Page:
Alipiopsitta xanthops (Amazona xanthops) (*)
Amazona xanthops (Spix, 1824)
The Yellow-faced Parrot (Alipiopsitta xanthops), formerly also known as the Yellow-faced Amazon, is the only species of the genus Alipiopsitta. It is a Neotropical parrot (tribe Arini), and was classified in the genus Amazona for many years. It is a predominantly green and yellow-plumaged bird with a yellow head. It is a semi-nomadic species found in the cerrado region of Brazil and adjacent Bolivia. As the Yellow-faced Parrot has disappeared from parts of its former range due to habitat destruction and generally occurs in low densities, it was considered Vulnerable by the IUCN, but it remains locally fairly common, occurs in several protected areas and can survive in fragmented habitats, leading to its downlisting to Near Threatened.
The German naturalist Johann Baptist von Spix first described the species in 1824 as Psittacus xanthops. Its species name is derived from the Ancient Greek xanthos "yellow", and ops "face". For many years, it was placed within the genus Amazona, although Alípio de Miranda Ribeiro proposed the new genus Salvatoria in 1920 due to differences in the bill and plumage. A 1995 study showed its distinctness genetically, followed up by more data which showed it to be much more closely related to the Short-tailed Parrot (Graydidascalus brachyurus) and to the members of the genus Pionus. Following this discovery, it was briefly placed in the genus Salvatoria again, until this name was found to be pre-occupied by a group of polychaete worms from the superfamily Nereidoidea, thus leading to the transferral of the Yellow-faced Parrot to the new genus Alipiopsitta.
Measuring about 27 cm (11 in) in length, the Yellow-faced Parrot has a stocky body and short tail. It is a predominantly green and yellow-plumaged bird that in adults has a yellow crown, lores, cheeks and auriculars. The rest of the head, upperparts and chest are green with some yellowish-green scalloping. The sides of the belly are often mottled orange and yellow, and the belly is often yellow. However, there are significant variations in the amount of yellow to the underparts, and some show virtually none. The wings are predominantly green, occasionally with some yellow spots. There is blue edging on the primary coverts. The central feathers of the short tail are green, while the lateral ones are more yellow-green and have orange-red bases. The bill is yellowish-horn with a dark culmen, the cere is pinkish, and the iris is yellow. The legs are light grey. There is no sexual dimorphism; the male and female are alike in plumage and size. Immatures have less yellow to the head.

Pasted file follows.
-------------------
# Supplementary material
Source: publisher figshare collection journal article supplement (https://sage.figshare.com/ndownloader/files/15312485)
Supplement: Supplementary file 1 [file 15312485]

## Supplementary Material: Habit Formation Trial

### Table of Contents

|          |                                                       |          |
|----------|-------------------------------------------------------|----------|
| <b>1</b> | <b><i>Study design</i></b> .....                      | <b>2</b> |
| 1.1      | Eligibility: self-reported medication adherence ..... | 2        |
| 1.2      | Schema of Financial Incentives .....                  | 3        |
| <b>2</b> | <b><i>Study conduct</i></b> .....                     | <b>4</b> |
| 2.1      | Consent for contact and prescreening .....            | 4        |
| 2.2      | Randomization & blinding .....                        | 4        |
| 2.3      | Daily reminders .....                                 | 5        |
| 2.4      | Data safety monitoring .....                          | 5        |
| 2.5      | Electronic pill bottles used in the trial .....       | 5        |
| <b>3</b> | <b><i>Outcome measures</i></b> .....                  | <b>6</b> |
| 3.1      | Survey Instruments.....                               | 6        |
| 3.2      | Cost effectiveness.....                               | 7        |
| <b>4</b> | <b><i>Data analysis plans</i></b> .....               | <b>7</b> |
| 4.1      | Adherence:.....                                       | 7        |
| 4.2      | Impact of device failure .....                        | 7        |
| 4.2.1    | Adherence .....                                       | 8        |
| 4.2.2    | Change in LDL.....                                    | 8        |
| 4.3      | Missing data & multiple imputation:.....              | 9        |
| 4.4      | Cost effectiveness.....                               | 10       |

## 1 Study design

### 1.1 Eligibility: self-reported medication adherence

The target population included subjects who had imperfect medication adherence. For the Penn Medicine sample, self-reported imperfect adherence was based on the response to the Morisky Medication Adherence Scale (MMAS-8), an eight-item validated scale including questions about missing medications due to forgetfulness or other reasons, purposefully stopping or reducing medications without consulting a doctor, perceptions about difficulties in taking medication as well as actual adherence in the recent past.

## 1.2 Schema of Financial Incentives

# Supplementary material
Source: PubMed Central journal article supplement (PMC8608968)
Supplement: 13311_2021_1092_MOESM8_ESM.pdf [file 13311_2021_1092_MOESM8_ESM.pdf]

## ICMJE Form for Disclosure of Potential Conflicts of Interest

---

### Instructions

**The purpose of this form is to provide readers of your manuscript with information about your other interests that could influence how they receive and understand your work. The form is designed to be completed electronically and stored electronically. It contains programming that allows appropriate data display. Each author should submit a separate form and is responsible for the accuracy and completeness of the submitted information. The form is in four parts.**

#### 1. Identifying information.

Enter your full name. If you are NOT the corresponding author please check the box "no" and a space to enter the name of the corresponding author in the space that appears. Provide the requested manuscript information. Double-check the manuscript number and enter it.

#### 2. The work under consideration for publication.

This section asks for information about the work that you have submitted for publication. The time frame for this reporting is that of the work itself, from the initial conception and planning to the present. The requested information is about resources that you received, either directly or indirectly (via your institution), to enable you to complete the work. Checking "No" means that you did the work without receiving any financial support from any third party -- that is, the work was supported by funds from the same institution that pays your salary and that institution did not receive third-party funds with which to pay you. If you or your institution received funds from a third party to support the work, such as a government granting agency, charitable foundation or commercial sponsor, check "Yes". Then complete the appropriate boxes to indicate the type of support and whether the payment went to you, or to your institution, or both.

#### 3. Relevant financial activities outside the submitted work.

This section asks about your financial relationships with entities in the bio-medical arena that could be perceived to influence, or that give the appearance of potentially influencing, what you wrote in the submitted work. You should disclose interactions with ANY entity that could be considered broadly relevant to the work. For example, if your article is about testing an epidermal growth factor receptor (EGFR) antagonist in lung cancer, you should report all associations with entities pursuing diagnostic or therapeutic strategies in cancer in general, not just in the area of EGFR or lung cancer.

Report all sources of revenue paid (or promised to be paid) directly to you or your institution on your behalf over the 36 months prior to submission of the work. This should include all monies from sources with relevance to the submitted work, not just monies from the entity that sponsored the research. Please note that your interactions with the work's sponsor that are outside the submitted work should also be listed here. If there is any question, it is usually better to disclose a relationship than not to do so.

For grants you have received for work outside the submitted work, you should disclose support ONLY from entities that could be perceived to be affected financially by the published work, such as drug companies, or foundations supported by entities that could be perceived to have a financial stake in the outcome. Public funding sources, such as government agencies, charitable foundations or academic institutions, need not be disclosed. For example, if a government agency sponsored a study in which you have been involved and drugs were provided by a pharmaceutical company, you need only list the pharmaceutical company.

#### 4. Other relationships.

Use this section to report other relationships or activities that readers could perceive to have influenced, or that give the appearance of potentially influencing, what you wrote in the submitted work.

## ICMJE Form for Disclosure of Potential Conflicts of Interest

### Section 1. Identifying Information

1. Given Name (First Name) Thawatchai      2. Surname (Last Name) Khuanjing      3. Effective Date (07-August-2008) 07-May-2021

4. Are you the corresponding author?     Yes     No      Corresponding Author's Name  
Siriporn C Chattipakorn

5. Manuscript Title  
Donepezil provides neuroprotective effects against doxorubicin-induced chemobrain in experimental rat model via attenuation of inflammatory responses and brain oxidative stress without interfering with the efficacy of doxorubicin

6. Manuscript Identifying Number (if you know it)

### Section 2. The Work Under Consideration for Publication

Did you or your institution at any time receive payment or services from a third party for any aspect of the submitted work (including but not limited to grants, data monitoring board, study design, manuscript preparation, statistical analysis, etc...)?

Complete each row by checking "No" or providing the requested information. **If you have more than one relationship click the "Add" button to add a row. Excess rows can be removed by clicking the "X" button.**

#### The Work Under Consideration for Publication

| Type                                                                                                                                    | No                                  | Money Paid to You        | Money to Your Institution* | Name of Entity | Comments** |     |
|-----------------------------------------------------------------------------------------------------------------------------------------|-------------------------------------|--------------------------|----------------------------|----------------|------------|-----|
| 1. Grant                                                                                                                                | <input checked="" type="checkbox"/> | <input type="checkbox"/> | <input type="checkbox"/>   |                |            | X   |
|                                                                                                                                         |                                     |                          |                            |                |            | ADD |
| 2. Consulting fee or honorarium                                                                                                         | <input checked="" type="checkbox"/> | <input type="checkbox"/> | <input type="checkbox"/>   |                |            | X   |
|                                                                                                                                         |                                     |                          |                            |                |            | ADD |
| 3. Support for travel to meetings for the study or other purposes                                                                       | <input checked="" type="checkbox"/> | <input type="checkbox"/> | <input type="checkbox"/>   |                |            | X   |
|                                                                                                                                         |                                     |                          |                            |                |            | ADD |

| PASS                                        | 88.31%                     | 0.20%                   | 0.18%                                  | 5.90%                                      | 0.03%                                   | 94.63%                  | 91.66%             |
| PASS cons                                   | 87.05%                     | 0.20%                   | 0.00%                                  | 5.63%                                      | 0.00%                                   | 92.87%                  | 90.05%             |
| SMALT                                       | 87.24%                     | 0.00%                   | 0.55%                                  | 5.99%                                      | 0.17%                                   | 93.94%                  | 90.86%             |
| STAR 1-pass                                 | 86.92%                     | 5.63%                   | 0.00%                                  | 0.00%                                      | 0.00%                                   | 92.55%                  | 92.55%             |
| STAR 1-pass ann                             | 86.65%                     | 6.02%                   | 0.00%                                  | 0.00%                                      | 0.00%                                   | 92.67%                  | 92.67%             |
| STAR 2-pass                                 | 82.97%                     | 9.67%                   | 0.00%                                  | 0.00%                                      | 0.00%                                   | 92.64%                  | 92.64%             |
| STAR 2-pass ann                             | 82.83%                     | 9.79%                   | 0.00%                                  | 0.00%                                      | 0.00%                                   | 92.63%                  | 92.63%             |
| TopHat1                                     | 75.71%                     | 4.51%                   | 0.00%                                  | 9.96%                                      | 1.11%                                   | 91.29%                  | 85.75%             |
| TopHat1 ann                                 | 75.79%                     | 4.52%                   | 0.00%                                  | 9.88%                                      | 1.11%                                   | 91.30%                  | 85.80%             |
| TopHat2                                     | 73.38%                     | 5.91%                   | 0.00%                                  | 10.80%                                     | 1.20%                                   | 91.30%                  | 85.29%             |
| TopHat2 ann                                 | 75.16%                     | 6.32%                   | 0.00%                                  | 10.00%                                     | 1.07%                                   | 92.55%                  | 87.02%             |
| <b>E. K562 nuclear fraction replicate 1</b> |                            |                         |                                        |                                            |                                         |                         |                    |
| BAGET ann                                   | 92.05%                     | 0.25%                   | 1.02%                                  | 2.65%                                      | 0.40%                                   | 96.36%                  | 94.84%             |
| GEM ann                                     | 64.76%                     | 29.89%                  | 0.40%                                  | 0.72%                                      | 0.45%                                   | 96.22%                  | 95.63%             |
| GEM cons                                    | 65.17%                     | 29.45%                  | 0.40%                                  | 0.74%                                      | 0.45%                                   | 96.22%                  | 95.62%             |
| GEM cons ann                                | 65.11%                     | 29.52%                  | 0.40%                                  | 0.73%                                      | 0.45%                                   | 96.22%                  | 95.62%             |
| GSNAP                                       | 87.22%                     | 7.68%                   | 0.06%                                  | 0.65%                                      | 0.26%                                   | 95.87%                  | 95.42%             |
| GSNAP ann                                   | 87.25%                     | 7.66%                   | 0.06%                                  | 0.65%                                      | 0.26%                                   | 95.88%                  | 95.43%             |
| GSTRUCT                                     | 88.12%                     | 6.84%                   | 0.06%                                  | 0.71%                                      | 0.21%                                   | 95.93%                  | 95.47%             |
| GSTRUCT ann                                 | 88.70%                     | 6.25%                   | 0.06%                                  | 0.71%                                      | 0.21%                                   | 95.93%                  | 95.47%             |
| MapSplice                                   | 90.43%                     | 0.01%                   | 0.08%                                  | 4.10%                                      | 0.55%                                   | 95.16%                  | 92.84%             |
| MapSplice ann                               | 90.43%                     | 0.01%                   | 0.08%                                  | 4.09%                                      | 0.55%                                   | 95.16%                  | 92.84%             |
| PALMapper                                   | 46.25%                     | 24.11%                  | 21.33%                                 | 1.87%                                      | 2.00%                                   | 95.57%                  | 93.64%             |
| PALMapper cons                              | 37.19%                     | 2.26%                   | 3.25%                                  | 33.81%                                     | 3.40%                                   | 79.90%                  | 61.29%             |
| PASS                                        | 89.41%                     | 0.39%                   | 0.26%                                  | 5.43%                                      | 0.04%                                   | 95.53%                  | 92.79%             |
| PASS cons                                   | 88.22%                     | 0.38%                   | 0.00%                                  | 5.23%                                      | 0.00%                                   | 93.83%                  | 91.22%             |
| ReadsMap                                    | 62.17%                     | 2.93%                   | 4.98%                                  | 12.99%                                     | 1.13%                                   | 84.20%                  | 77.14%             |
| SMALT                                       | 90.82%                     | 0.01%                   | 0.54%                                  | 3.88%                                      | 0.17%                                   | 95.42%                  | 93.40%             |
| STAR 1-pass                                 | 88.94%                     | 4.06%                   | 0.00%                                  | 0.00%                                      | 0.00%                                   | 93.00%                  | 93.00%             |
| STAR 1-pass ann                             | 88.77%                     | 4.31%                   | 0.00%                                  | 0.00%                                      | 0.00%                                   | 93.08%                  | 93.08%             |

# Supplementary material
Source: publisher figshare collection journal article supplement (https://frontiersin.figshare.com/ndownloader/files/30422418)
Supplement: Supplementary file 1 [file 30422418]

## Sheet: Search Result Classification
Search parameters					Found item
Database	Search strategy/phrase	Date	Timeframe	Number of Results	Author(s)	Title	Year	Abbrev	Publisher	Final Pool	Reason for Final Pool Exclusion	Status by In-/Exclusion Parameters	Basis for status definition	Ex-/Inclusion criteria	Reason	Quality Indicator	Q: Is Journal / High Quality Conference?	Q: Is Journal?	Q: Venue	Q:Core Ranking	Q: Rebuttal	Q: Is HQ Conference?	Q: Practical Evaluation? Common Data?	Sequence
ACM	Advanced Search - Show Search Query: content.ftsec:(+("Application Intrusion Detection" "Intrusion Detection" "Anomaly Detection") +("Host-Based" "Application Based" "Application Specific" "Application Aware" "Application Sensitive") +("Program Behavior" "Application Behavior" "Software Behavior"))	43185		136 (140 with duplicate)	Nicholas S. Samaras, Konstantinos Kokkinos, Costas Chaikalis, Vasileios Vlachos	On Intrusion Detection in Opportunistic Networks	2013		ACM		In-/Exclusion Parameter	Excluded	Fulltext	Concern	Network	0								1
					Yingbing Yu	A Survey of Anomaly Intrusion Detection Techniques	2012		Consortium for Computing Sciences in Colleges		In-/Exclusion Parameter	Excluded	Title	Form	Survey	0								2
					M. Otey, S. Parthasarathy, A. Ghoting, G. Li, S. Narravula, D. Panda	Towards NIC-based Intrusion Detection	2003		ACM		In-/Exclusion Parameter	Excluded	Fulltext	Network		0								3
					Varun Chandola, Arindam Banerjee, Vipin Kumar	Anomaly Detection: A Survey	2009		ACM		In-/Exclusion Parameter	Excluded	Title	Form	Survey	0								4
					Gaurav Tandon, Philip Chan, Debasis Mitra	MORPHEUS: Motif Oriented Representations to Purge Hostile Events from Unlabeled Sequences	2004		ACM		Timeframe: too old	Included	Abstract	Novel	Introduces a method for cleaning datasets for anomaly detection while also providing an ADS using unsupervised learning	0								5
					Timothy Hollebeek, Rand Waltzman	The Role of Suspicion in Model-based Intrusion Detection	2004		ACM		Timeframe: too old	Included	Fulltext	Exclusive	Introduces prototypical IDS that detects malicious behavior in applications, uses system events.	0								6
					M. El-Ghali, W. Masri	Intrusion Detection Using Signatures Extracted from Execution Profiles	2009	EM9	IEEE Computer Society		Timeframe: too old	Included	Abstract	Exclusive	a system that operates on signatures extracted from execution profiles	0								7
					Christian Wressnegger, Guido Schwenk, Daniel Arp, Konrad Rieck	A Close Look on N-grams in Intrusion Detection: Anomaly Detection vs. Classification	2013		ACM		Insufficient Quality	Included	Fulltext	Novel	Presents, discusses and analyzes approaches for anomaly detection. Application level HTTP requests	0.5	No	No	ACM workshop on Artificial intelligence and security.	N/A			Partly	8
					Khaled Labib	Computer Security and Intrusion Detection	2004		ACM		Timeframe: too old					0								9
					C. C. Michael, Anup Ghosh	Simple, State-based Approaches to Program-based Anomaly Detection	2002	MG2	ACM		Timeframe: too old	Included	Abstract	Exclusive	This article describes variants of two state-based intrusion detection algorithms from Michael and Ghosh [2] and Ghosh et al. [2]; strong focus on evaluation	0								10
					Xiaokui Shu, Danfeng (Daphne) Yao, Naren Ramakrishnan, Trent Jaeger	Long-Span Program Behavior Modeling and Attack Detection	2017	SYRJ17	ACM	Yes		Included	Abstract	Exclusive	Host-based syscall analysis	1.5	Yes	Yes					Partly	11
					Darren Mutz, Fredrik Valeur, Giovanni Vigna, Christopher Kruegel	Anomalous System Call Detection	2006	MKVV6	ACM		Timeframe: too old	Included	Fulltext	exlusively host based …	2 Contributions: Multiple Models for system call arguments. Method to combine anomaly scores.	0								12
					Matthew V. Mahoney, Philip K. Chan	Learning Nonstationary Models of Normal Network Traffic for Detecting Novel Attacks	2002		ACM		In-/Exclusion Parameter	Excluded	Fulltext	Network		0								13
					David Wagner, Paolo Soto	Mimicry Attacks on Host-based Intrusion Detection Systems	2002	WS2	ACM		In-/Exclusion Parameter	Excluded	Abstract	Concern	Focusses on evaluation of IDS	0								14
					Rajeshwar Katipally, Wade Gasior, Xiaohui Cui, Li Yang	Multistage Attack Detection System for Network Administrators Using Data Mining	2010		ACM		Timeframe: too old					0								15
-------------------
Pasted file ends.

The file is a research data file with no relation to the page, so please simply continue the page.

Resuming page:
Distribution and habitat
The majority of its range is in central and eastern Brazil, where found from Maranhão and Piauí to São Paulo and Mato Grosso do Sul. It inhabits the cerrado on the plateau of Brazil, as well as the dryer Caatinga scrubland. There are two records from Beni in northeastern Bolivia. Despite occasionally being listed for Paraguay, evidence supporting its presence in this country is lacking. Within its range it appears to be semi-nomadic. Much of its habitat is being converted to agricultural land and the populations are declining.
The Yellow-faced Parrot forages for and eats the fruit and seeds of trees including Anacardium species, Salacia crassifolia and Astronium fraxinifolium. Flocks have also been recorded raiding crops of mango and unripe guava trees. Termites are another diet item.
Until recently, comparatively little was known of its habits. It has been studied in Emas National Park in Brazil. Its breeding season there is May to October. Nests are hollows in termite mounds. The eggs are incubated for 19–22 days, while the young take up to 45 days to leave the nest.
Like most species of parrots, the Yellow-faced Parrot is protected by the Convention on International Trade in Endangered Species of Wild Fauna and Flora (CITES) with its placement on the Appendix II list.
1. ^ a b c d e f g h i BirdLife International (2008). Alipiopsitta xanthops. In: IUCN 2010. IUCN Red List of Threatened Species. Version 2010.4. Downloaded on 6 December 2010.
* Hoppe, D., 2007: Ribeiropapagei – ein neuer Name für die Gelbbauchamazone. Gefiederte Welt, Vol. 131, pp. 173–176 + 210-213.
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